Interpreting the results

Usually, a 'standard interpretation' of the skin test results is applied. If the reaction to bovine tuberculin is more than 4mm greater than the reaction to avianthe animal is considered to be infected with bTB and is called a “reactor”.

If the reaction to bovine tuberculin is between 1 to 4mm greater than the reaction to avian tuberculin, the animal is considered an 'inconclusive reactor' and will be retested after 60 days. Inconclusive reactors may also be tested after a 60-day interval as part of a herd test (if the herd is already under TB restrictions) or subject to a gamma interferon blood test (if the herd is in a 1 or 2-year testing parish and the animal remains an inconclusive reactor after the first re-test.

If evidence of bTB can be found in skin test reactor by post mortem examination and/or laboratory culture of tissues, the results of other cattle included in the herd test that disclosed the infected animal are re-assessed using the so-called “severe interpretation”. This involves lowering the cut-off for animals to be classed as reactors so as to enhance the sensitivity of the test. As a result, further animals may be classed as reactors or inconclusive reactors. Severe interpretation is also used in the follow up tests carried out at 60-day intervals before TB restrictions can be lifted from infected cattle herds. Further information on testing procedures for TB-restricted herds can be found online in Defra’s online booklet ‘Dealing With TB In Your Herd’ (PDF 643 KB).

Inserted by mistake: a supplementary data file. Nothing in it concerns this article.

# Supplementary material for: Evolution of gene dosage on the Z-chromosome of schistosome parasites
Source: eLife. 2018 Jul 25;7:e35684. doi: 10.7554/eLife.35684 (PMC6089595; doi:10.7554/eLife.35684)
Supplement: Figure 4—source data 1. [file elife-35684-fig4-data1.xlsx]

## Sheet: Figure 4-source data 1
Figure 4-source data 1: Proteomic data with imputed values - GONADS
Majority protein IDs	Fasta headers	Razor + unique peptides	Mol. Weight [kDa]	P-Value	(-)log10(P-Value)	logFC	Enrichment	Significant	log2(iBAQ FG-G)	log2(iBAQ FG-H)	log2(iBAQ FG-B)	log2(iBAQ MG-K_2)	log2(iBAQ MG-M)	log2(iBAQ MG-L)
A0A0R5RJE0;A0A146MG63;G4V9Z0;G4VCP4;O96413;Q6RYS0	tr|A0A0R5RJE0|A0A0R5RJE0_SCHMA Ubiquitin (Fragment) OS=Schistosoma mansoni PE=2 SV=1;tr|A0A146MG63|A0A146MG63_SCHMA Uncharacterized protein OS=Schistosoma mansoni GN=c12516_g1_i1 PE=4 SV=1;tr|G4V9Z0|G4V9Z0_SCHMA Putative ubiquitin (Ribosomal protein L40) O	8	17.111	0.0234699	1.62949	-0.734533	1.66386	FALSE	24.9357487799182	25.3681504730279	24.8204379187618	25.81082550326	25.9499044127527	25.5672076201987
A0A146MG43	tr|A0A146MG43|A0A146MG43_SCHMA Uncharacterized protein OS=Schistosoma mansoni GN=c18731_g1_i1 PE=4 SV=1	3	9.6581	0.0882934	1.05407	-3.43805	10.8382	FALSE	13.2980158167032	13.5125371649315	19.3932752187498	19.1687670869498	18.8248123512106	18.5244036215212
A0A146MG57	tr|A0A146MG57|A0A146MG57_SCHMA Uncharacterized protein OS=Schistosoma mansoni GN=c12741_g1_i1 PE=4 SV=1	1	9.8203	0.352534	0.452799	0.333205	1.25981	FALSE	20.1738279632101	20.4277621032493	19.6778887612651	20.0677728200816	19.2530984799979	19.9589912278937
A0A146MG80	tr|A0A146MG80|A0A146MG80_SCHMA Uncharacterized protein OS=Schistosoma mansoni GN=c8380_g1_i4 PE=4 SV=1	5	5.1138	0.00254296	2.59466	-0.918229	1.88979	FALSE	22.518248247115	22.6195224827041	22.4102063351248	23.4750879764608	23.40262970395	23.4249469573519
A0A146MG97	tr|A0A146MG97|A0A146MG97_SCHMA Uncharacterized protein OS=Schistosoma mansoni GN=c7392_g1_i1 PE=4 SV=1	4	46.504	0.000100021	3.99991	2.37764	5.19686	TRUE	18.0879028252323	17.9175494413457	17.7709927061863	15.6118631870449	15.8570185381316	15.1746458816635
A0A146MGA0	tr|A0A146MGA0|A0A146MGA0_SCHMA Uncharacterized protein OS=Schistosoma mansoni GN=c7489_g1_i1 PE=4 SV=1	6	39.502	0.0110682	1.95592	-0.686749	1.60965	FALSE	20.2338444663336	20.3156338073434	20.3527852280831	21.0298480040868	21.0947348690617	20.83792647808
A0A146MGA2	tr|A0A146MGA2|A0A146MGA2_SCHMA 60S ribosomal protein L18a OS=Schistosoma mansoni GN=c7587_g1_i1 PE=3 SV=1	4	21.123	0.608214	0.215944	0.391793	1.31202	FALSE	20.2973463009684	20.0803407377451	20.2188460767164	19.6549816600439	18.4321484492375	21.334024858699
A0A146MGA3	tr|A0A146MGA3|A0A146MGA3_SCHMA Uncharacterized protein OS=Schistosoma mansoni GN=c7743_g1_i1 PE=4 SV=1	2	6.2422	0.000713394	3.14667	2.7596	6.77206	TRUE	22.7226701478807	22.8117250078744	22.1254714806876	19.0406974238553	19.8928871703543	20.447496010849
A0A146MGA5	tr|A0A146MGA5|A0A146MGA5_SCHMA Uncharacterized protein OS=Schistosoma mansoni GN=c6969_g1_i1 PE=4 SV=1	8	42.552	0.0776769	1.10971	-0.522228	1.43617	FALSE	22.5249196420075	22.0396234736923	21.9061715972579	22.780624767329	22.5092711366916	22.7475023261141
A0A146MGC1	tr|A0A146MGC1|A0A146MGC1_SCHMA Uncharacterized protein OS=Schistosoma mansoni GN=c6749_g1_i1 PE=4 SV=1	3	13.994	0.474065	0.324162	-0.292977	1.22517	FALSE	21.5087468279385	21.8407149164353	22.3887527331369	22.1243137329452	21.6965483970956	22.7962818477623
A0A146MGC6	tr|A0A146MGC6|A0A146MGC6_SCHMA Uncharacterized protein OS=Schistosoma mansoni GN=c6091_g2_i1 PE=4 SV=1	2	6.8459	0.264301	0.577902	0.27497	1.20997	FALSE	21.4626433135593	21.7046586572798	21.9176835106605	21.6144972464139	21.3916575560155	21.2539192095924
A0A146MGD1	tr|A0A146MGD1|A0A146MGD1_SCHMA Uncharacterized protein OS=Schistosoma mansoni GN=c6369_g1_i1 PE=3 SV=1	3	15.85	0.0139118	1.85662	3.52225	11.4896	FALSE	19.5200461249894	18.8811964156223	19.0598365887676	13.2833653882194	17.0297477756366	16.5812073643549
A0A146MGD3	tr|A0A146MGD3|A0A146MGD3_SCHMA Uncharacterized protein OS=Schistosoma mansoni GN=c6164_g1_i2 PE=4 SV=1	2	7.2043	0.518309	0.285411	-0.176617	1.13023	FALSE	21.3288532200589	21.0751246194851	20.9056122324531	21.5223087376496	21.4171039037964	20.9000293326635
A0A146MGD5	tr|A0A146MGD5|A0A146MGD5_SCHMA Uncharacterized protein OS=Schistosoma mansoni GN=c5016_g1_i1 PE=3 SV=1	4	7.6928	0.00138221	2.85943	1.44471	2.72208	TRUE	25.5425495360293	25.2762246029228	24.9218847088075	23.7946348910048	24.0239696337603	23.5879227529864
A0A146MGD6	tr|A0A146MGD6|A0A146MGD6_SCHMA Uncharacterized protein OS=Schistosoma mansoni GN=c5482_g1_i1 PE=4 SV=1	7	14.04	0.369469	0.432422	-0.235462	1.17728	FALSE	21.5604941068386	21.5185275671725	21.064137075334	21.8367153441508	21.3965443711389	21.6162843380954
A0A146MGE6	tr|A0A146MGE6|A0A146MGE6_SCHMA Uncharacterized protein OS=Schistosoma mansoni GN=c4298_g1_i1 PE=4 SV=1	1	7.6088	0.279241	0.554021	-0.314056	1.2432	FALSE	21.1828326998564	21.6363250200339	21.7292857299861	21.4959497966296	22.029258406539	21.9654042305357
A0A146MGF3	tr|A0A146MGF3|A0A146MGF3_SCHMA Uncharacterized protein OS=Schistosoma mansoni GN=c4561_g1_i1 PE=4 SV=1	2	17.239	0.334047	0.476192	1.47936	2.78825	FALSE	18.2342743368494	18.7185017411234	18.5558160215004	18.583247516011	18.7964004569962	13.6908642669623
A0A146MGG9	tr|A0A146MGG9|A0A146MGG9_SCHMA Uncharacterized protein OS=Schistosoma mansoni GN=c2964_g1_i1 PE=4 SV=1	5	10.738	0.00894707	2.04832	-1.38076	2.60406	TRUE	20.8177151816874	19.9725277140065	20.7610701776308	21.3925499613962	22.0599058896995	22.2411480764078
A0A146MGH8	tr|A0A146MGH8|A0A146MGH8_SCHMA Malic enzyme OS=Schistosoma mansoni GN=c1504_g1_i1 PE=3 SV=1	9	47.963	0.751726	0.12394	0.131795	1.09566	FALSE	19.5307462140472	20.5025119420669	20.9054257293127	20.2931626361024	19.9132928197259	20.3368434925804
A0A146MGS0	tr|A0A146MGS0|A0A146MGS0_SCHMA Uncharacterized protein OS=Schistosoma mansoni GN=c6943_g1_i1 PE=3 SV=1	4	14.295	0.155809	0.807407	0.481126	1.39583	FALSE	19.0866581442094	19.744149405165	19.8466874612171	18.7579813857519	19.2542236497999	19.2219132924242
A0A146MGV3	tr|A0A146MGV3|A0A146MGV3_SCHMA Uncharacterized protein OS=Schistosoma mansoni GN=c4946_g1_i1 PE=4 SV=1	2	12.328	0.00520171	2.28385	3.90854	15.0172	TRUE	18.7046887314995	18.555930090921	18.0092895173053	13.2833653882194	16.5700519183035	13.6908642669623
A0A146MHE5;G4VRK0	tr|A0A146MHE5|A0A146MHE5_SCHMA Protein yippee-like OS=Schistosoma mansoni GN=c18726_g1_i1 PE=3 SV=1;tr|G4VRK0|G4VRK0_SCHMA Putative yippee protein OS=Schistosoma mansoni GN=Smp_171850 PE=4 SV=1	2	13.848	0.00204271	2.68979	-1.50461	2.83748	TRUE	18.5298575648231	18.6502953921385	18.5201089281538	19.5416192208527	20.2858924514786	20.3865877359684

What happens to reactors?

Reactors are isolated from the rest of the herd, valued and slaughtered. The farmer is compensated for the market value of the animal based on current table valuations. The herd loses its Officially Tuberculosis-Free (OTF) status and herd movement restrictions are applied. This is a herd incident, commonly referred to as a 'herd breakdown'.

Herd movement restrictions can only be lifted and OTF status restored after all the animals have passed two consecutive skin tests 60 days apart. Only one such test is required where bTB is not confirmed by post-mortem examination or in laboratory tests.


Page last modified: 12 December 2008